A little under a year ago Moody's Mark Zandi and Princeton economist and former Fed vice chairman Alan Blinder penned a paper titled "How we Ended the Great Recession" which did nothing but extoll the virtues of spending trillions in both fiscal and monetary stimuli and preventing U3 from hitting 16% (of course how one proves a counterfactual is irrelevant: just remember - if the Fed disclosed its top secret bailout plans the world would end. Same thing here - accept it - after all the guy is a professor at Princeton). In a nutshell Blinder is nothing but Paul Krugman on steroids: a man who believes that there is nothing worse in this world than establishing fiscal (and monetary) discipline now. Well, in an interview with Tom Keene earlier, Blinder fired the first shot across the QE3 bow, telling his Bloomberg host that the US needs "somewhat more" fiscal stimulus once again in order to boost employment (hold on: didn't we end the Great Recession, and certainly the normal one in the summer of 2009 according to the NBER?). How this would be accomplished in the current climate is not explained. Instead what Blinder says makes one wonder just who is on the tenure committee at Princeton - when asked how we bring the deficit in without austerity, the Princetonian responds: "Unfortunately I think it is very subtle for most political processes especially for the political process in the US. What we should be doing is somewhat more fiscal expansion but at the same time legislating into law fiscal consolidation for the future. Starting 2 years from now, 3 years from now, 18 months from now. But not now." Of course never now: why bite the bullet now when it can be kicked to some other administration in the indefinite future? Especially when tenure money and/or Wall Street bribes are at stake...
Save yourself the $1,000 bottle service at Tryst (not to mention the always failing Martingale strategy (unless you are the Fed or a Primary Dealer with discount window access of course) at the high rollers table), and cut right to the chase with this summary of the key points by Stevie Cohen, Jamie Dinan, Lee Ainslie, Izzy Englander and Jeremy Siegel.
The end of the second round of quantitative easing (QE II) is going to be a complete disaster for the paper markets -- specifically commodities, stocks, and then finally bonds, in that order, with losses of 20% to 50% by the end of October. The only thing that will arrest the plunge will be QE III, although we should remain alert to the likelihood that it will be named something else in an attempt to obscure what it really is. Perhaps it will be known as the "Muni Asset Trust Term Liquidity Facility" or the "American Prime Purchase Program," but whatever it is called, it will involve hundreds of billions of thin-air dollars being printed and dumped into the financial system.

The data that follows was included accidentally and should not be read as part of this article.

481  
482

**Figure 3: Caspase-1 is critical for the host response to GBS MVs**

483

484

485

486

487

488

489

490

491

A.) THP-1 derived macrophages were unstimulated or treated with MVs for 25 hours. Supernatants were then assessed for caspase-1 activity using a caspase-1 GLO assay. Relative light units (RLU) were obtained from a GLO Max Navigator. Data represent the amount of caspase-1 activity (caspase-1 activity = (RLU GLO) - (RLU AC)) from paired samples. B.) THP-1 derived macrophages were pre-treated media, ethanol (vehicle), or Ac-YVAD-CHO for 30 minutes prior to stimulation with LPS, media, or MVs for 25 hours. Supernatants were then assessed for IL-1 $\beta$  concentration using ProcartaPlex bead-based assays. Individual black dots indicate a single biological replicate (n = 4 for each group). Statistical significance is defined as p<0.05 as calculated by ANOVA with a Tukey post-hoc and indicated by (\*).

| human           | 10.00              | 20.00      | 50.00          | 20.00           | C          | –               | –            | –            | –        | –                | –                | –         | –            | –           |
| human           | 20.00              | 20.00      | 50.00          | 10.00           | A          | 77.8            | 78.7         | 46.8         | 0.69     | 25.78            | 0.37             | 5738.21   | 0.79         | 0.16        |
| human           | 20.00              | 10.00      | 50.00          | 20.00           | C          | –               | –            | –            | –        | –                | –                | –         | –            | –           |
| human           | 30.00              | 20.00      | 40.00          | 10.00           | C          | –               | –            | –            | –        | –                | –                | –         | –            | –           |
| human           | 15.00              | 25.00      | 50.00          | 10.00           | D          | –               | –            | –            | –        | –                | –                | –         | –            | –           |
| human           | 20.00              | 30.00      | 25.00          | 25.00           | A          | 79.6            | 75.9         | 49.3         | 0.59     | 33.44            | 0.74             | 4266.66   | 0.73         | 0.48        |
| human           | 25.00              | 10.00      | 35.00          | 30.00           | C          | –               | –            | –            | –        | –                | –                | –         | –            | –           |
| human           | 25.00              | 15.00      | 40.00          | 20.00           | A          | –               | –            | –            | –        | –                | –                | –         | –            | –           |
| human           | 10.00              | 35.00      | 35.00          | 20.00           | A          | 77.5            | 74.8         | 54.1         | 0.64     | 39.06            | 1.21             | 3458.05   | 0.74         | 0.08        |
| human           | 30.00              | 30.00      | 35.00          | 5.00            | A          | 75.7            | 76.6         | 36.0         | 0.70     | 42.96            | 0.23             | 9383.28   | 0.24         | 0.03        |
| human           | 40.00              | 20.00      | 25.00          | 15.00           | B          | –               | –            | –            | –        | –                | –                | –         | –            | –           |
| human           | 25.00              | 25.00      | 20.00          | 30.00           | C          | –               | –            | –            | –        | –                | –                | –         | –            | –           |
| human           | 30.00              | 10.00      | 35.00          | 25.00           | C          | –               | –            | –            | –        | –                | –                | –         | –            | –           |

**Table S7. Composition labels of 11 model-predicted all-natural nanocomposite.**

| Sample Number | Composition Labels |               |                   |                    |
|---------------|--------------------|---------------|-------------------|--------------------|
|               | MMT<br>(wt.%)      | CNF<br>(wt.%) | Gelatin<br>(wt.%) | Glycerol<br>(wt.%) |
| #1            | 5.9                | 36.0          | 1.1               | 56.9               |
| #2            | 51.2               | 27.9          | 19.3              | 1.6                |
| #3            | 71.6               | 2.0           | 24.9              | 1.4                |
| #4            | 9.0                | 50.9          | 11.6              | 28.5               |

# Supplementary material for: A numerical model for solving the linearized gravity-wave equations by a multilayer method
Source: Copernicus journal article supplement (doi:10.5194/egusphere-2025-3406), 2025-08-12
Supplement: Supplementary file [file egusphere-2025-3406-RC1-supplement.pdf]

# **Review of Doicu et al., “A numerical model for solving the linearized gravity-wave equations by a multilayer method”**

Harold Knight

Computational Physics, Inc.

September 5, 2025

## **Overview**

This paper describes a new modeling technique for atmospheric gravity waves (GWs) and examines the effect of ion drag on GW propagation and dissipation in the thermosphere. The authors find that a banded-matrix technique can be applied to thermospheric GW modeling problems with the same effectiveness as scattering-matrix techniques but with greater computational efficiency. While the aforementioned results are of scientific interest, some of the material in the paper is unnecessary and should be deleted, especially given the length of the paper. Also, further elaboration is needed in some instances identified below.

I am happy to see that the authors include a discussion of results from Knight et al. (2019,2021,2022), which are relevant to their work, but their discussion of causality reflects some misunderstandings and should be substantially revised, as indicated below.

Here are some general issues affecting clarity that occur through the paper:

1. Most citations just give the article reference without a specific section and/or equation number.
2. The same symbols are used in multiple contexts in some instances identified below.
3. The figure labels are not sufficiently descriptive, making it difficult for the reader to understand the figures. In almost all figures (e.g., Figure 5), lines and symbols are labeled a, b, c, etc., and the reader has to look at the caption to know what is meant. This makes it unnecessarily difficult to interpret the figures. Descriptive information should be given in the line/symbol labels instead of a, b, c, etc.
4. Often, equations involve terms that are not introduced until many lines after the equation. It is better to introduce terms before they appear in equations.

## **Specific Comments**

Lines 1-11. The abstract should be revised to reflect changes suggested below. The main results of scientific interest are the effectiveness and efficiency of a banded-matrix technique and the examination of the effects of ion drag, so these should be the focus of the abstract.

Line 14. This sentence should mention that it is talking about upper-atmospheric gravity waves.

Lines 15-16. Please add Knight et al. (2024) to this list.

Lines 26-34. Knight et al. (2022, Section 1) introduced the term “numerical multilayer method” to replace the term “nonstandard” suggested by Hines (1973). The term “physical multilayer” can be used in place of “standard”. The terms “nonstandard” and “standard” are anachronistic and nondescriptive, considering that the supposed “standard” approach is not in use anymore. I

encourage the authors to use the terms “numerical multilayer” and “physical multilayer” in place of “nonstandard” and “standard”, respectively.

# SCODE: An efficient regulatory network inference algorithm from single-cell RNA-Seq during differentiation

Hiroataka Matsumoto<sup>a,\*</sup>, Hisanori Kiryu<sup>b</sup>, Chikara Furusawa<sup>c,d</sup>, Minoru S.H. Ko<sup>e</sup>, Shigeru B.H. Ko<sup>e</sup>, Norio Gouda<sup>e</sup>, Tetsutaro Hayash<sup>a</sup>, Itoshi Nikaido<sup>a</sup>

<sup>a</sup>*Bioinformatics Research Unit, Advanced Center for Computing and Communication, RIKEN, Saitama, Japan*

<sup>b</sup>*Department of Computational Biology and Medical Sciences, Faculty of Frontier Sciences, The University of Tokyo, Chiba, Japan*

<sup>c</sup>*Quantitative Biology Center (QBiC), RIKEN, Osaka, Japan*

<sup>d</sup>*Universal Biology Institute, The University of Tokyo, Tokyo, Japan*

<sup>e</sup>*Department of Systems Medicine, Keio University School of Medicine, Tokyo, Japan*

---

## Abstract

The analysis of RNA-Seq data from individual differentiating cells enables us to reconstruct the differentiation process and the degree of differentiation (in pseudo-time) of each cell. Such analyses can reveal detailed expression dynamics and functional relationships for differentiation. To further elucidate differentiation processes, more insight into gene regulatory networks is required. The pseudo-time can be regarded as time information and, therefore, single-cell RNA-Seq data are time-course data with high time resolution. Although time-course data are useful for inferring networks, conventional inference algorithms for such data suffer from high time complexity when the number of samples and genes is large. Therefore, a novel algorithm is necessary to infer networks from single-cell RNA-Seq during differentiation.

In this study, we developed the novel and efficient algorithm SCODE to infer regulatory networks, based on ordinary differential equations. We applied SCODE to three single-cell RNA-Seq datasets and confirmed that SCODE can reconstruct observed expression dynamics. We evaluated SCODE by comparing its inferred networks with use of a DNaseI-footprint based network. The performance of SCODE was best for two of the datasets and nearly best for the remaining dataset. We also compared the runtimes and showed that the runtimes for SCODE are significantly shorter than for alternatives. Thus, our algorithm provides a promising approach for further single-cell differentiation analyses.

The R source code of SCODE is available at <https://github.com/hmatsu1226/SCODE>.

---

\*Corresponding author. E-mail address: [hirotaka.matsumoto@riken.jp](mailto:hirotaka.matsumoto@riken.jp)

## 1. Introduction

Every regulator in the universe will be present at Senate Banking Committee hearing discussing Dodd-Frank (Do-nk) Monitoring Systemic Risk and Promoting Financial Stability. Which means there will be nobody to greenlight a margin hike for at least 2-3 hours, as supposedly even Blackberries are not allowed. Which means crude may even lift a few offers before today's take down brings it to $80 by EOD courtesy of Obama's E*trade account.
Following last week's surge to 474,000, everyone will be seeking confirmation of whether the dramatic deterioration in labor conditions is permanent or merely "seasonally adjusted." We also get PPI and retail sales data, and the last of three auctions ($16 billion in 30 Year notes) which effectively puts the US over the ceiling. Lastly, Bernanke talks to the Senate Banking Committee on regulatory issues.
The recent correction in the commodities markets may be providing Bernake, Geithner and their easy money acolytes with a sense of relief given the relentless run up in prices of raw materials since the announcement of QE back in 2008, but they should not sleep tight just yet. As anyone in the markets will tell you, when any underlying has a price move so vertical in its trajectory it’s bound to face a correction as the smart money, having gotten in for fundamental reasons much earlier along the trend line now wait for the panic buyers or the Johnny-come-lately’s to give the rally that last unsustainable spike to unload their longs and leave the suckers holding $40.00 silver in their purses. So one must step back and take a long view. Although it would appear that those of us who warn that inflation is not just a threat but very much a fact of life now were knee-jerk pontificators jumping on the commodities rally trend for political (read: Fed/Obama bashing) reasons, the analysis is quite sound. Most important, it is methodical not emotional as price surges tend to make investors and analysts from time to time. Here are some facts: even with the inevitable correction in commodities, as of this writing crude oil is 35% more expensive than it was a year ago…advancing with ups and downs along the way from as low as $17.50/bbl in November of 2001 to its current level of over $100/bbl or around a 19% annual appreciation in a decade since the Fed started giving away dollars. Silver 93% Wheat 84% Cotton 100% Coffee 55% Cattle 10% etc etc. Gold is up 22% for the year. More revealing, it is up an astonishing 450% since 2001. In that same decade the USD index against all currencies shed 40% of its value.